She met Ryann Slauson and Jean Seestadt at Wassaic—two other NYC-based artists in residence and the three of them became close. Liesl tells me that she and Ryann and Jean have recently founded an artist collective. Ryann works across the board in video, sculpture and performance, and Jean works mainly in sculpture and embroidery. They have had four meetings so far about future projects and they want to both make work together and curate/organize shows. I ask her if they are planning on having a studio together, and she tells me that no, they are going to stay where they are. Ryann lives in the Bronx and works in Bushwick and Jean lives and works in Crown Heights, Brooklyn. Both she and Ryann have been in bands in the past and she sees similarities between the two practices. Liesl tells me that last year she curated a show and it was a TON of work. Being able to divide that work amongst a collective and with each member bringing her own strengths to the table is a logical decision for her. All three of them get along fabulously and with their individual feminist beliefs they are interested in ensuring representation and roles for women artists in their shows and events.
Banff messed her head up, she tells me. It was so decadent—to go there and spend so much money both there and in travel. It put so much pressure on her to perform. She felt she was meant to be free—from all the pressures of daily life—but instead she was taking everything too seriously and felt like she had to account for the time and money she was spending. She borrowed a beautiful camera from the residency and spent the last two weeks shooting, printing work and generally figuring it all out. She had to deal with a big fear of wasting her time there. Going there without a clear project in mind taught her that now she needs to have something planned for the beginning of the residency. She is going to Vermont Studio Center this summer with a project ready to start and she feels really good about that decision.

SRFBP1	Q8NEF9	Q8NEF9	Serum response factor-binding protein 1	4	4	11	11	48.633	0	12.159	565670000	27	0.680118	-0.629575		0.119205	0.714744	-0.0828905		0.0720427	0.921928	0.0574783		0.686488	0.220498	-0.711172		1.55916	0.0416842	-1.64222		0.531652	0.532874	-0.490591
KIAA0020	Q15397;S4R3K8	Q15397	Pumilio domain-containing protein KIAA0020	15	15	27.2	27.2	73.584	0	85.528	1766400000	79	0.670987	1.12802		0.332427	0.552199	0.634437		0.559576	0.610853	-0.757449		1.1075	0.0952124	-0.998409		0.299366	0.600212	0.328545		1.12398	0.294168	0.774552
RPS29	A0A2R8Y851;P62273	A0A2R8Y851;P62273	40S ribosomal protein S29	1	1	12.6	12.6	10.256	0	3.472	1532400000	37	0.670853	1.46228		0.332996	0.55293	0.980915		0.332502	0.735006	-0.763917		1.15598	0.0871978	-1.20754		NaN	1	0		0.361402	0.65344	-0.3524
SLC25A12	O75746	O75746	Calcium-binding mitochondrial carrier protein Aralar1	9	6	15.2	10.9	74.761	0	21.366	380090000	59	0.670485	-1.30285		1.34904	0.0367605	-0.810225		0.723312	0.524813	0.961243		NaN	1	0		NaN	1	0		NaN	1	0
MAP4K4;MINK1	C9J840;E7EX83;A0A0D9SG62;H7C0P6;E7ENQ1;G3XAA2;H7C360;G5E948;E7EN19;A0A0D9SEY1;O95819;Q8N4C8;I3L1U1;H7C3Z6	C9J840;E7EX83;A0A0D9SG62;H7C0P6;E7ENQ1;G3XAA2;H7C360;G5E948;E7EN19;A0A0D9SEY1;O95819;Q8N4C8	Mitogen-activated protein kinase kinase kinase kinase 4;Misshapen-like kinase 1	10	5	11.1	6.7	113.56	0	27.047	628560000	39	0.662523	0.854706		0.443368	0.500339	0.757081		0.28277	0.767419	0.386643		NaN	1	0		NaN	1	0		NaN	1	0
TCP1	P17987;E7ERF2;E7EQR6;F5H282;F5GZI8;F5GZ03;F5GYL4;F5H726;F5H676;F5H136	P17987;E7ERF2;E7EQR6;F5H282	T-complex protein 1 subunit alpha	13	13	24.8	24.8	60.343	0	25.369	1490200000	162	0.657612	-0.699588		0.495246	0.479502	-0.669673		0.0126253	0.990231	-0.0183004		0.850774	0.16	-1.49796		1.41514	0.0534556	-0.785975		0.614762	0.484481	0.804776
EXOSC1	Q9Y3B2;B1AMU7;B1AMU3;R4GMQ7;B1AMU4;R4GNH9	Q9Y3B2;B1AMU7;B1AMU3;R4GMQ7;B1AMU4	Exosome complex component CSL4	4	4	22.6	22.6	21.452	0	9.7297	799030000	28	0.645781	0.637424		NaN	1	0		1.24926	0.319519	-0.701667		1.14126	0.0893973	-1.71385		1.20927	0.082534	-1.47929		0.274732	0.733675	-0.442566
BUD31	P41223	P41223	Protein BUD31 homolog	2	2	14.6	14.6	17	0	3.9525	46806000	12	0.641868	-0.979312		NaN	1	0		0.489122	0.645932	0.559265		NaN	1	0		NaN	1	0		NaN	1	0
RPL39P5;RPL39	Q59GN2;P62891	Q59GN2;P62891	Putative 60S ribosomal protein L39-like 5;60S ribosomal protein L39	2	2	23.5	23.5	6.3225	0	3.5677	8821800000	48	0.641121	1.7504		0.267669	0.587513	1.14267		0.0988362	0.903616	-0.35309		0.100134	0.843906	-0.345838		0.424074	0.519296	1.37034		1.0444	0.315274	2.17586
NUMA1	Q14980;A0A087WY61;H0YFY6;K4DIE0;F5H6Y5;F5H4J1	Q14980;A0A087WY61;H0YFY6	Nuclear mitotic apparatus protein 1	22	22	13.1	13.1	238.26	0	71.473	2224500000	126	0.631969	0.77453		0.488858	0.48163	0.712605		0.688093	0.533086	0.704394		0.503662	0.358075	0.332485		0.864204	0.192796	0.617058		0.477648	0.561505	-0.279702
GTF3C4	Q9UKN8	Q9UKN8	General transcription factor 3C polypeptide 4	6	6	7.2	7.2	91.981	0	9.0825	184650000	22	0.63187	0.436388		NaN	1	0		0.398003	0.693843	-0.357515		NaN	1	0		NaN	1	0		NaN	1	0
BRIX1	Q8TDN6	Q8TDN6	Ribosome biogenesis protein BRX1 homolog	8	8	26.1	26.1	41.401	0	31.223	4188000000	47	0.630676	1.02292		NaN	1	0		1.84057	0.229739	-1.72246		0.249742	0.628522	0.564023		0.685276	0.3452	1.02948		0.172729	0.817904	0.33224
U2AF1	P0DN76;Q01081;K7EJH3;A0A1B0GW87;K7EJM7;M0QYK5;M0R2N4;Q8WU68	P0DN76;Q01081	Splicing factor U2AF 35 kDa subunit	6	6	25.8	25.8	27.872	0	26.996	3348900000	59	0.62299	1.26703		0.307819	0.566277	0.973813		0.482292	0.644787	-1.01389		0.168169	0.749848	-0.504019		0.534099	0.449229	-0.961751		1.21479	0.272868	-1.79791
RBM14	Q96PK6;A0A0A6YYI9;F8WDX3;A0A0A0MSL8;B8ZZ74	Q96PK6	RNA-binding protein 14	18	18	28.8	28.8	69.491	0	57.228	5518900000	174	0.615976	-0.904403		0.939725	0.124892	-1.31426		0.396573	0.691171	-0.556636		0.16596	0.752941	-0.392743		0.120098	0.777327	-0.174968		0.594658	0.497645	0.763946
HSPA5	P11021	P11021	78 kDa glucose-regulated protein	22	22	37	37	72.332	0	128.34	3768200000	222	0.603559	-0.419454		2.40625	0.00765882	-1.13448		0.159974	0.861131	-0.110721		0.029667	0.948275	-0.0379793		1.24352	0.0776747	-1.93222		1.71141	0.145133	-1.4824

How did Liesl end up in New York City? She tells me she has been here four years this January and that she originally moved here for work. She was working in Melbourne for a company in a part-time position and learned they were opening a NYC office. She bravely decided to apply for a job in the NYC office and she got it. Suddenly she was living in New York. But eventually they closed the NYC office and she had to make the decision of whether to stay in NYC or move back to Australia. She opted to apply for an artist visa—good for three years. She began to work in freelancing design and right now she is the closest to living and working as an artist as she has ever been.
At this point, Liesl and I get up from the lounge area and make our way over to her studio area to discuss the work. The only piece of hers I have seen in person before our meeting was the piece in Instant Vacation. I am seriously a fan of that piece and seeing it was what made me want to profile Liesl. That piece, is a hooked rug wall hanging depicting a child in a lab coat engaged in a chemistry lab experiment. It is both funny and nostalgic (and strange.) I think finding out that Liesl identifies as a photographer is what makes her hooked rug work and her collage work all the more fascinating. The translation from a painting surface to a textured yarn surface is easy to imagine and perhaps predictable. But the idea of taking a photographic image and remaking it through a tedious and laborious process makes the work even more irreverent.